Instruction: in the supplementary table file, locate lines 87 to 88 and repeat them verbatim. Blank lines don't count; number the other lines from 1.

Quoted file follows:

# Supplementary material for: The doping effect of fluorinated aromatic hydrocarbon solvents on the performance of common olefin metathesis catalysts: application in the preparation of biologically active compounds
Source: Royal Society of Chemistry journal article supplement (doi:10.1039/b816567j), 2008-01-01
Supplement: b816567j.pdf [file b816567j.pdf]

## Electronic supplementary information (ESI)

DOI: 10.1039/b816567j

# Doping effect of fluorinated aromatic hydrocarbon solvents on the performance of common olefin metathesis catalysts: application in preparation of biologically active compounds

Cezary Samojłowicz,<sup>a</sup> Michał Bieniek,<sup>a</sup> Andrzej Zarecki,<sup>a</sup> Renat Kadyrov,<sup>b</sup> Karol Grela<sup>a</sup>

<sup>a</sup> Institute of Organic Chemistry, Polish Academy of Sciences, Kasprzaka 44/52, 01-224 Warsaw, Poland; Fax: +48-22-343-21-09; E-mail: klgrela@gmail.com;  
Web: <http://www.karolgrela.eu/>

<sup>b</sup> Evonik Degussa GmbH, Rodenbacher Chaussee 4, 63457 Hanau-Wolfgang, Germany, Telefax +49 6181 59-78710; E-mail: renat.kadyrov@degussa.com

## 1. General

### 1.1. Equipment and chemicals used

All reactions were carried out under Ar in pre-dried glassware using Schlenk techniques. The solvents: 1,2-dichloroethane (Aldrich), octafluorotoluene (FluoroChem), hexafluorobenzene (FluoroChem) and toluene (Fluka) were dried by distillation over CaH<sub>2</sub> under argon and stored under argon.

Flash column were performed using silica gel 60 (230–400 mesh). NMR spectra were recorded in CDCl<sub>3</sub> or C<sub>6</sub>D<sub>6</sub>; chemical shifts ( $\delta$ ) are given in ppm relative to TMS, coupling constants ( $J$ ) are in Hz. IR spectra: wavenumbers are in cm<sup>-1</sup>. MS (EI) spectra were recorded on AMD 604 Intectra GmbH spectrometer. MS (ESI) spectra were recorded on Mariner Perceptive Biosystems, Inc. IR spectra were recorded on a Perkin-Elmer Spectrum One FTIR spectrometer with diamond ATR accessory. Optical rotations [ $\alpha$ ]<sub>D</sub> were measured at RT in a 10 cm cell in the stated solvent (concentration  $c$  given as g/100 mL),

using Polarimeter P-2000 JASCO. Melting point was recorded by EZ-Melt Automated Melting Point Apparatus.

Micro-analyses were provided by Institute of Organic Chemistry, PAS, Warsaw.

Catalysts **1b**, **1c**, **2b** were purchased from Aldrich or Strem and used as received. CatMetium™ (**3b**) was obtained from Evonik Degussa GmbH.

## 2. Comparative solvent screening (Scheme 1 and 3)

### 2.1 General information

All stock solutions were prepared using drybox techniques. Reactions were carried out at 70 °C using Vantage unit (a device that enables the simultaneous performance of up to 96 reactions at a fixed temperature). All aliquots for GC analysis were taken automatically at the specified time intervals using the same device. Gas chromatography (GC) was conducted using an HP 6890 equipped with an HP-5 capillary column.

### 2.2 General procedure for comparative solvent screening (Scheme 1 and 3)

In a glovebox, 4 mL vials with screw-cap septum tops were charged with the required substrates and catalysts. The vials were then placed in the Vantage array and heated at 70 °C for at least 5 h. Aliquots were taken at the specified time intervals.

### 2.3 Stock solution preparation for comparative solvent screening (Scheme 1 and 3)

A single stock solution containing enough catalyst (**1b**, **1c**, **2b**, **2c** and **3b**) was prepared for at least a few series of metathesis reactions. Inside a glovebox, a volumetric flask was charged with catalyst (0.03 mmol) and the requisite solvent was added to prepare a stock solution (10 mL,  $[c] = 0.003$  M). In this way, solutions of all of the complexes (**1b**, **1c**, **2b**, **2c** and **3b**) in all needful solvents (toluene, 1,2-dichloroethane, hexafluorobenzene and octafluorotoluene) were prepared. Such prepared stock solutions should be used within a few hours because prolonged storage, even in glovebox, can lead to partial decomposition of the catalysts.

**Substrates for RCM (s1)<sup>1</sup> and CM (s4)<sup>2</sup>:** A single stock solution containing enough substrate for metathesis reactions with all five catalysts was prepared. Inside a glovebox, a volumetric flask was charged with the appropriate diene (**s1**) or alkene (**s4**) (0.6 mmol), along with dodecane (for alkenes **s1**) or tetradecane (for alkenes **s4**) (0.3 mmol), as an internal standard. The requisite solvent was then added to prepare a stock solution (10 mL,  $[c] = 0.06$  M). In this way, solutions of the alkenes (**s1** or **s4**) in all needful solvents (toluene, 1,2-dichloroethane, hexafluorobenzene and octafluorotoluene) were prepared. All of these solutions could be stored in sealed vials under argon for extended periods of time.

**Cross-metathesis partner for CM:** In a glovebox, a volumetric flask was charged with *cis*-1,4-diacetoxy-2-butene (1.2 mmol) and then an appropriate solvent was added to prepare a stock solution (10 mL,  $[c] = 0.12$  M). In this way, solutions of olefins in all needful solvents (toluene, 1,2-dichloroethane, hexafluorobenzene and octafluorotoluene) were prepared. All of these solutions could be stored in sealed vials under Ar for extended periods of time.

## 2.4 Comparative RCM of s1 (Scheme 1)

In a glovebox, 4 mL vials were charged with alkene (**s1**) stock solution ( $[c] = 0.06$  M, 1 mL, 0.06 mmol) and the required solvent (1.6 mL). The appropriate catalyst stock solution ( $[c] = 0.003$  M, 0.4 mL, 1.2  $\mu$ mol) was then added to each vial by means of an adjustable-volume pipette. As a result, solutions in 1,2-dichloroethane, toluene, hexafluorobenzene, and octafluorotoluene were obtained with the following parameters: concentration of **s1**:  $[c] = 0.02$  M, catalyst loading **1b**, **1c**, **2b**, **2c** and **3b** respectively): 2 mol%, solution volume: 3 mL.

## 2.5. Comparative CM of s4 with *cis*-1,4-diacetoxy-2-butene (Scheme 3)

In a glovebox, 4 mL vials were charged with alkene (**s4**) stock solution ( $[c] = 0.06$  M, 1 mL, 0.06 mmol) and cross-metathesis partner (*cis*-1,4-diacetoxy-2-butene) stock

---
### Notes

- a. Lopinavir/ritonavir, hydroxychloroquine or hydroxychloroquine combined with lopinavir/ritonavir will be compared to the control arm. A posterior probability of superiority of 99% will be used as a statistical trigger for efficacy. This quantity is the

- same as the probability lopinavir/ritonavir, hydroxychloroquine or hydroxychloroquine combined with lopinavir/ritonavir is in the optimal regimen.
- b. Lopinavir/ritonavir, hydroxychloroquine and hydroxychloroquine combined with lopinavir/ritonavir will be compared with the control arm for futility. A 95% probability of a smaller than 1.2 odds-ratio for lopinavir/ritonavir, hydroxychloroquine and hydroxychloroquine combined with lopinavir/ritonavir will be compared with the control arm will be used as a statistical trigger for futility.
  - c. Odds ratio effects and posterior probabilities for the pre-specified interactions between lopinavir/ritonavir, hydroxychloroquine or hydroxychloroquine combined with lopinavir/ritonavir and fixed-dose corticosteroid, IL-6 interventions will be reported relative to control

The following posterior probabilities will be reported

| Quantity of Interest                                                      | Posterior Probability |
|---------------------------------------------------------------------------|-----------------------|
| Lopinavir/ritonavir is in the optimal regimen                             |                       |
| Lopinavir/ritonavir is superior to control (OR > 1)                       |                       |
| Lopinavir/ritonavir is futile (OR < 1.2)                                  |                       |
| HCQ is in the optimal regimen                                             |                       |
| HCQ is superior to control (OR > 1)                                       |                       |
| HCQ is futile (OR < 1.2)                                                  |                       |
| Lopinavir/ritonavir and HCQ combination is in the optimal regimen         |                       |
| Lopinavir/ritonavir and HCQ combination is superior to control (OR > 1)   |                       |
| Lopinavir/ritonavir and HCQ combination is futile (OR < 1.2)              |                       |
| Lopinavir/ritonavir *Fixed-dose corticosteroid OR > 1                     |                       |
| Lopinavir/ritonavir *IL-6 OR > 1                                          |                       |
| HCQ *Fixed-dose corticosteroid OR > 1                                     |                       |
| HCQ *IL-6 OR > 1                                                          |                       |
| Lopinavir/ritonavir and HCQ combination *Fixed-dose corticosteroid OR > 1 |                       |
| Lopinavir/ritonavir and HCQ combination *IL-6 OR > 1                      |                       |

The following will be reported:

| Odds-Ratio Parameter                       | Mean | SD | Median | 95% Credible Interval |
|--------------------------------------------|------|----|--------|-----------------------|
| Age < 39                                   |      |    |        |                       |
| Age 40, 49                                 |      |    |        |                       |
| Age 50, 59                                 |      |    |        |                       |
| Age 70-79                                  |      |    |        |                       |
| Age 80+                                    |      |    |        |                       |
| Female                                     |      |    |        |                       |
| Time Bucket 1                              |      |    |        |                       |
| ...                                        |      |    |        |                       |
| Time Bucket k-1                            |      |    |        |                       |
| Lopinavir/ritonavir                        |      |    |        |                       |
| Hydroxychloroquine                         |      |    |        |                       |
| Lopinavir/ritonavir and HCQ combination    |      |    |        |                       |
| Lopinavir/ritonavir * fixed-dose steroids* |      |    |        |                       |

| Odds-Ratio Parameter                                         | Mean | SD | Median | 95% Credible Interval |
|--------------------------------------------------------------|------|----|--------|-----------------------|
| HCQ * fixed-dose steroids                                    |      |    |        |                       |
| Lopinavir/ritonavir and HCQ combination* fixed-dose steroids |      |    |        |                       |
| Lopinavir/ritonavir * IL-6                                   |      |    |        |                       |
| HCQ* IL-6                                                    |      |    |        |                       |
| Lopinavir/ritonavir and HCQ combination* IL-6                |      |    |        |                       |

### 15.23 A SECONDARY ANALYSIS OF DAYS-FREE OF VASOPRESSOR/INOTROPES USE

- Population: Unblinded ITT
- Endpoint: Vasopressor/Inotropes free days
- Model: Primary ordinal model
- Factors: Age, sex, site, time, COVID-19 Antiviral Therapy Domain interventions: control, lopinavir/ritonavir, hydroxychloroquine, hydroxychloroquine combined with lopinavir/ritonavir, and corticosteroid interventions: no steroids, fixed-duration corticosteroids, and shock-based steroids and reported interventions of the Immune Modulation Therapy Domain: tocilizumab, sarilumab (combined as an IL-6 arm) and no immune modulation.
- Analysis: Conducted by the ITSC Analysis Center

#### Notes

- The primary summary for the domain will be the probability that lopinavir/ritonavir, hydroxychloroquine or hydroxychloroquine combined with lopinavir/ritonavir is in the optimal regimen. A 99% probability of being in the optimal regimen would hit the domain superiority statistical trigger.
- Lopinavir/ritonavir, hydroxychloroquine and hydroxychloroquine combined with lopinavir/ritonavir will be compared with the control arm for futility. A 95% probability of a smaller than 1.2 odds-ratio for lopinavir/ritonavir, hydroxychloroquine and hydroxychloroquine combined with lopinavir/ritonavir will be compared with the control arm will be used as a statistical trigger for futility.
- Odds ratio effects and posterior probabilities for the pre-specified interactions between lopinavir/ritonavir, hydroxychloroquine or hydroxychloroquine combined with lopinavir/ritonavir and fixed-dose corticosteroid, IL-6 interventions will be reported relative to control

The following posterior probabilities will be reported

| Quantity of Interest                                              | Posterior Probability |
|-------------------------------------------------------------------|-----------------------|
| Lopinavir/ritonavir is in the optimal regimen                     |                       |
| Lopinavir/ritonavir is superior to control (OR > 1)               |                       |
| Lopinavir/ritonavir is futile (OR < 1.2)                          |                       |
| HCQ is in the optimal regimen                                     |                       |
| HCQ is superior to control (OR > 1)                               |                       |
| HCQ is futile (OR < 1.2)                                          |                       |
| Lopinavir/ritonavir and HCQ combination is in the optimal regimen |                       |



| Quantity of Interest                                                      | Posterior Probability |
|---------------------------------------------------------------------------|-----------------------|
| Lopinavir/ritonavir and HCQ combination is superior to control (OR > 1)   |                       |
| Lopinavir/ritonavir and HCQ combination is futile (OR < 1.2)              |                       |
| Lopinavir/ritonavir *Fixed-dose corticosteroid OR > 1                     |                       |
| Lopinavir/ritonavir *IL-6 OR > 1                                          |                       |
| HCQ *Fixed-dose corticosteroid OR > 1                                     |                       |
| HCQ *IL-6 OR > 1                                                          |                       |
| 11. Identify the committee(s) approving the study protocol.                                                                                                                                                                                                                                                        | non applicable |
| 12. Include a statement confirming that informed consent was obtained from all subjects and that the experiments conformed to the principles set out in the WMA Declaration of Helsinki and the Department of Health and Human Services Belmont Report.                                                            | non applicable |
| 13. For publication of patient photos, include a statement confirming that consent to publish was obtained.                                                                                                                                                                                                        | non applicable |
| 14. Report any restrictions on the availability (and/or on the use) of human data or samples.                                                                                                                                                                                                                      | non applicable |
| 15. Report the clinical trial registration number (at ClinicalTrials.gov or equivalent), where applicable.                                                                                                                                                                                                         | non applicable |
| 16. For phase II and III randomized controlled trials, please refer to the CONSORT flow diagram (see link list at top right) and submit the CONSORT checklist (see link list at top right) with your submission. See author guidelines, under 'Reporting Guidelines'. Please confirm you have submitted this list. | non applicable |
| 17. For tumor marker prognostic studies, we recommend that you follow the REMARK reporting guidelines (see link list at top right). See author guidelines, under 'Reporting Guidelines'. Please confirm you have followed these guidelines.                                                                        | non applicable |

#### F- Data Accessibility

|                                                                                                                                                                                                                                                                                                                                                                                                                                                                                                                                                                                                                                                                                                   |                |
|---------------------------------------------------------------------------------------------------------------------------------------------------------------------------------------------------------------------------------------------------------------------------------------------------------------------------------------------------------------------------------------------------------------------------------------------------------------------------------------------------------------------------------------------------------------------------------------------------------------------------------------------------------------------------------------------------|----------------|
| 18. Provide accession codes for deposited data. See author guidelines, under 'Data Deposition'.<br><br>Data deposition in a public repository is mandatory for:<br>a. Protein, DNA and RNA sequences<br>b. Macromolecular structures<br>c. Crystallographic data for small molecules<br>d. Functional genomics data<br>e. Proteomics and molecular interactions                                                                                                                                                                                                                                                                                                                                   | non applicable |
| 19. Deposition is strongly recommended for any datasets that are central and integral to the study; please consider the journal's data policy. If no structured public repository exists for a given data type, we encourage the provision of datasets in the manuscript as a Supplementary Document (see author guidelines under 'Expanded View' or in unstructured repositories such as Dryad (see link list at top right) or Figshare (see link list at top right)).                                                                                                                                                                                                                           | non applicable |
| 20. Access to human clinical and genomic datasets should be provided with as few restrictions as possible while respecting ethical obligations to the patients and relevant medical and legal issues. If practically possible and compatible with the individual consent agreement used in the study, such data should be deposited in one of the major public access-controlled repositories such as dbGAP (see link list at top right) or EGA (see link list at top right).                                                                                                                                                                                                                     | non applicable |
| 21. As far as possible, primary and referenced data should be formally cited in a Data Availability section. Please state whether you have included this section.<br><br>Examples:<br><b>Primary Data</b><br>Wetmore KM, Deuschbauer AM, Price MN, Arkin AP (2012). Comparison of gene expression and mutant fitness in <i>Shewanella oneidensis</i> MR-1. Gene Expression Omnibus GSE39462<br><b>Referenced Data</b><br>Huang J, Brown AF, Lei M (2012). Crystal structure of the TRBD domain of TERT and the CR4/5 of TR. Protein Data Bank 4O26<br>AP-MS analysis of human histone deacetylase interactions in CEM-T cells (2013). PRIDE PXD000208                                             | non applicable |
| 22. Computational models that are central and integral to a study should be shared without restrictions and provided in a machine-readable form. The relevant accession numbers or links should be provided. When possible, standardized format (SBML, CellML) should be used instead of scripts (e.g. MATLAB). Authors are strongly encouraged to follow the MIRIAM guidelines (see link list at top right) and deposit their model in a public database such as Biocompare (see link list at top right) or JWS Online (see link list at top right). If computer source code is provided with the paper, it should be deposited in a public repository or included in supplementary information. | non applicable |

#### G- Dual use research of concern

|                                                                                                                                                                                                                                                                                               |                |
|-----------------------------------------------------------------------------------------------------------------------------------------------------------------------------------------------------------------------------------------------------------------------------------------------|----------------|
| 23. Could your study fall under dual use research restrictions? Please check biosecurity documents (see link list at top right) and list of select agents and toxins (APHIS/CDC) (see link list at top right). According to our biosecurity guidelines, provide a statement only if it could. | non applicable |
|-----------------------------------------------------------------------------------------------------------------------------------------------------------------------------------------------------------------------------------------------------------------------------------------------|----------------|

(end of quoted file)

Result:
- Odds ratio effects and posterior probabilities for the pre-specified interactions between lopinavir/ritonavir, hydroxychloroquine or hydroxychloroquine combined with lopinavir/ritonavir and fixed-dose corticosteroid, IL-6 interventions will be reported relative to control

The following posterior probabilities will be reported